Dr. Vivek Nerurkar in his laboratory in Kakaako. Credit: University of Hawaii at Manoa
The Hawai’i State Board of Agriculture has voted to approve an application by the University of Hawai’i to import live Zika virus so research into finding a vaccine can get under way in Honolulu.
The birth of two infants on Oʻahu five months ago, in December 2015, to mothers infected with the Zika virus illustrated how little is understood about Zika, and sparked a sense of urgency among those who want to study and combat the virus. Of the two babies born in Honolulu—one born to a woman who was infected in American Samoa and the other to a woman infected in Brazil—only one infant had microcepehalus, a condition that stunts the growth of the head, leaving inadequate room for the brain to fully development causing impairment to the child.
“What causes the virus in the mothers to cripple one baby and not the other?” asked Dr. Vivek Nerurkar, Chair of the John A. Burns School of Medicine (JABSOM) Department of Tropical Medicine, Medical Microbiology and Pharmacology. “That is one of the mysteries we need to solve.”
Nerurkar expressed appreciation to the Board of Agriculture and others who have supported the effort to enable Zika virus research.
“I really thank the Department of Agriculture Board, the Chair, and the community at the University and JABSOM who helped us get through this process, including the important support of State House Health Committee Chair Representative Della Au Belatti and State Representative Richard Creagan, MD,” said Nerurkar.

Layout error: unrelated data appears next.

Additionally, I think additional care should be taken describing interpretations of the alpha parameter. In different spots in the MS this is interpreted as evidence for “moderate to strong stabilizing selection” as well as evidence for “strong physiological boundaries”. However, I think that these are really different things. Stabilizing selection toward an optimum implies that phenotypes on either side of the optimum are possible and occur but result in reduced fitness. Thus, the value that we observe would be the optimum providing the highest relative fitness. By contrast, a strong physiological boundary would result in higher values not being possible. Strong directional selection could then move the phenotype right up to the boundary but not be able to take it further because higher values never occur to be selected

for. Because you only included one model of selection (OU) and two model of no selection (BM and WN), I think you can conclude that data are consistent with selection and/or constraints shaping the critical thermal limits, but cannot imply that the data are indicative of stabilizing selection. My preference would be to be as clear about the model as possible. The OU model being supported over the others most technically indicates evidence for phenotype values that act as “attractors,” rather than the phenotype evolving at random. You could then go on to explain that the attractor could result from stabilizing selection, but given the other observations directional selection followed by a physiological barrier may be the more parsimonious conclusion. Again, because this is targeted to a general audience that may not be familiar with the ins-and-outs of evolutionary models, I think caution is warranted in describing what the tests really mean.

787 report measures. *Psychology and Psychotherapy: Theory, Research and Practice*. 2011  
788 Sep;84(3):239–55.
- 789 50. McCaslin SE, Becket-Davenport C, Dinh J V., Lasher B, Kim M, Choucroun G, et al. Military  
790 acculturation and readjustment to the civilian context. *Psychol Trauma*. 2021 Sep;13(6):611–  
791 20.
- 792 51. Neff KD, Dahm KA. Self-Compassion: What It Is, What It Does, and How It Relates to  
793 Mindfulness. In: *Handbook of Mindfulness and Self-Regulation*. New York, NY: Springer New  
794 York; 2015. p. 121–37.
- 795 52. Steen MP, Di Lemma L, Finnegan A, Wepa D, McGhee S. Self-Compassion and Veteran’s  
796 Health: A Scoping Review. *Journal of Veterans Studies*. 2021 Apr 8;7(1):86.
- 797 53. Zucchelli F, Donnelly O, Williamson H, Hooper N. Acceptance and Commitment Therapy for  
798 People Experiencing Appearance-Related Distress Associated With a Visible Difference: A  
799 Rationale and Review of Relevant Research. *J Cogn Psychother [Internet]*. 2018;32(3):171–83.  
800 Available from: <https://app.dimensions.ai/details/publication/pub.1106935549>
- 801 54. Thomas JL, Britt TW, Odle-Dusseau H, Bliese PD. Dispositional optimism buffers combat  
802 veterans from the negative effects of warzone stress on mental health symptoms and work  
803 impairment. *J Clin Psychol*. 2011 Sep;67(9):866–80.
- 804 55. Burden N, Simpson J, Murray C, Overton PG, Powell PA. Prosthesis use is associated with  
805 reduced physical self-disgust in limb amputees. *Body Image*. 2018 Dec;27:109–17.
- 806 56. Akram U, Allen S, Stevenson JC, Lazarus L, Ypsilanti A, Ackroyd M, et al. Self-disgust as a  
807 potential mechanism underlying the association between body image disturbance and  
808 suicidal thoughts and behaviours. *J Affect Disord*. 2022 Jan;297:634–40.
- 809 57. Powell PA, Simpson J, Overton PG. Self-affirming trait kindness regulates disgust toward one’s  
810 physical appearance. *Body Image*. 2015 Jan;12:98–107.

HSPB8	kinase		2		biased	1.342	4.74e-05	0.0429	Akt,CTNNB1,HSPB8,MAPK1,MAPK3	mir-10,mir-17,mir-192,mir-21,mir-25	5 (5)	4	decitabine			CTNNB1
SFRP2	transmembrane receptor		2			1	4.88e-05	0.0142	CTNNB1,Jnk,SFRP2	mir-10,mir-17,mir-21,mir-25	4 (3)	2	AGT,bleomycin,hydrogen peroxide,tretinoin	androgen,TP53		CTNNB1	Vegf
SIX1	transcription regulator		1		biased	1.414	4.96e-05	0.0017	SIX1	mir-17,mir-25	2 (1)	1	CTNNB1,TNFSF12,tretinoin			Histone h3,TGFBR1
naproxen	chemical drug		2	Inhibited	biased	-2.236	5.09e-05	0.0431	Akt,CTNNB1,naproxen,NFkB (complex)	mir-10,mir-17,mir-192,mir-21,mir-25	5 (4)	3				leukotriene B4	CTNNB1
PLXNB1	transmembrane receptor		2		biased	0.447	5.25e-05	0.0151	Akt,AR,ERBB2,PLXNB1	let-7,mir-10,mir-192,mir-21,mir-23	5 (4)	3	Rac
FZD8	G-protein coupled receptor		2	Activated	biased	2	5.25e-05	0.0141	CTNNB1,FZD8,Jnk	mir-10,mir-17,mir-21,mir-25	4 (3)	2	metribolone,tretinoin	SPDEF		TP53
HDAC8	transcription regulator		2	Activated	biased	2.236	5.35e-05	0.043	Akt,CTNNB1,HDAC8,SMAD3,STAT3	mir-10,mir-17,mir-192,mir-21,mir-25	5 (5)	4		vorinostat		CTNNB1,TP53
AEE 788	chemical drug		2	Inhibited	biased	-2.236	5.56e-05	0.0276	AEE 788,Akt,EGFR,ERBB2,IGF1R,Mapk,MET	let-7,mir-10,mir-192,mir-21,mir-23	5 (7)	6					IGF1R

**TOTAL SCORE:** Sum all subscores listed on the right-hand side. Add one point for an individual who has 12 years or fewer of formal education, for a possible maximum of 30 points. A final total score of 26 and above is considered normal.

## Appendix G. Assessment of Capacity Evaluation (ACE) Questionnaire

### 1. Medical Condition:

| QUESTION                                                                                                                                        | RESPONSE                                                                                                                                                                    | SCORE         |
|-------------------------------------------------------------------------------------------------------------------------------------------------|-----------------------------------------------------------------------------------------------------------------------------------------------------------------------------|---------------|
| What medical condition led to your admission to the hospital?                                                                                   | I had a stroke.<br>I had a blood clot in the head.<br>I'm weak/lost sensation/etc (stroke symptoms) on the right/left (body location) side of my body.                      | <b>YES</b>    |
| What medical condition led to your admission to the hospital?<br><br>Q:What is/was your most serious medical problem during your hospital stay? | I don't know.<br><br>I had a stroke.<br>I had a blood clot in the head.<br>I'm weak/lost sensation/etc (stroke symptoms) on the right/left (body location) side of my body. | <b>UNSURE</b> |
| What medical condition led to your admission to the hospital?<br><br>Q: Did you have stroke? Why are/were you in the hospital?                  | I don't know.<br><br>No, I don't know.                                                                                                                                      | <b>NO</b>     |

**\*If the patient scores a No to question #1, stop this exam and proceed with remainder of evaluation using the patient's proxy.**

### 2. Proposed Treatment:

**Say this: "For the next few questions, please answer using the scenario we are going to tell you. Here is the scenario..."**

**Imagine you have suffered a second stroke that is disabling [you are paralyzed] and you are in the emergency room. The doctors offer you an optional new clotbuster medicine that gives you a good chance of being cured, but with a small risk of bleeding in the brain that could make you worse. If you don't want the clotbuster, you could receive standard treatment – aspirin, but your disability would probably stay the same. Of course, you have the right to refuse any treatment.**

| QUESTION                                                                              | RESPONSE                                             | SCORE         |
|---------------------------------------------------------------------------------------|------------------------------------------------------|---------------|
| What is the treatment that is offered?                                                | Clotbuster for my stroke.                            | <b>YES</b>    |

Nerurkar first applied for the state permit to import Zika virus in 2009, after an outbreak of Zika virus in Yap and French Polynesia, both relatively close to Hawai’i.
“Hawaiʻi is an international stop and people and diseases can come here from all over the world,” said Nerurkar.
Last March, U.S. Representative Tulsi Gabbard (D-Hawaiʻi) convened a roundtable discussion at the John A. Burns School of Medicine with leading local, national and international experts to discuss both Dengue and the then emerging threat from the Zika virus, helping to reinvigorate the effort to fight both viruses.
This month, in the medical journal Clinical Infectious Diseases, Nerurkar and his UH colleagues reported on the 2015 case of microcephaly related to Zika. It was the first academic article about a Zika-related microcephaly case in the United States.
Nerurkar and colleagues have applied for several grants through the National Institutes of Health and other agencies to begin their research in earnest. He expects to obtain the Zika virus sample within the next month or so. The sample will be kept in a highly secure laboratory and researchers will follow strictly enforced methods to ensure its safety as well as their own.
“We have a large department here at the Tropical Medicine, Medical Microbiology and Pharmacology, with a lot scientists and physicians who we work with in the community and at the Kapiʻolani Medical Center,” said Nerurkar. “Together we form a very good team and we have in-depth expertise of working with infectious diseases. I think this is a tremendous asset for the State of Hawaiʻi. Our faculty, experts in virology and vaccines, also have a proven track record of collaboration with other institutions on the U.S. mainland. I believe strongly in collaborations and in hoping that these collaborations will lead to new vaccines.”
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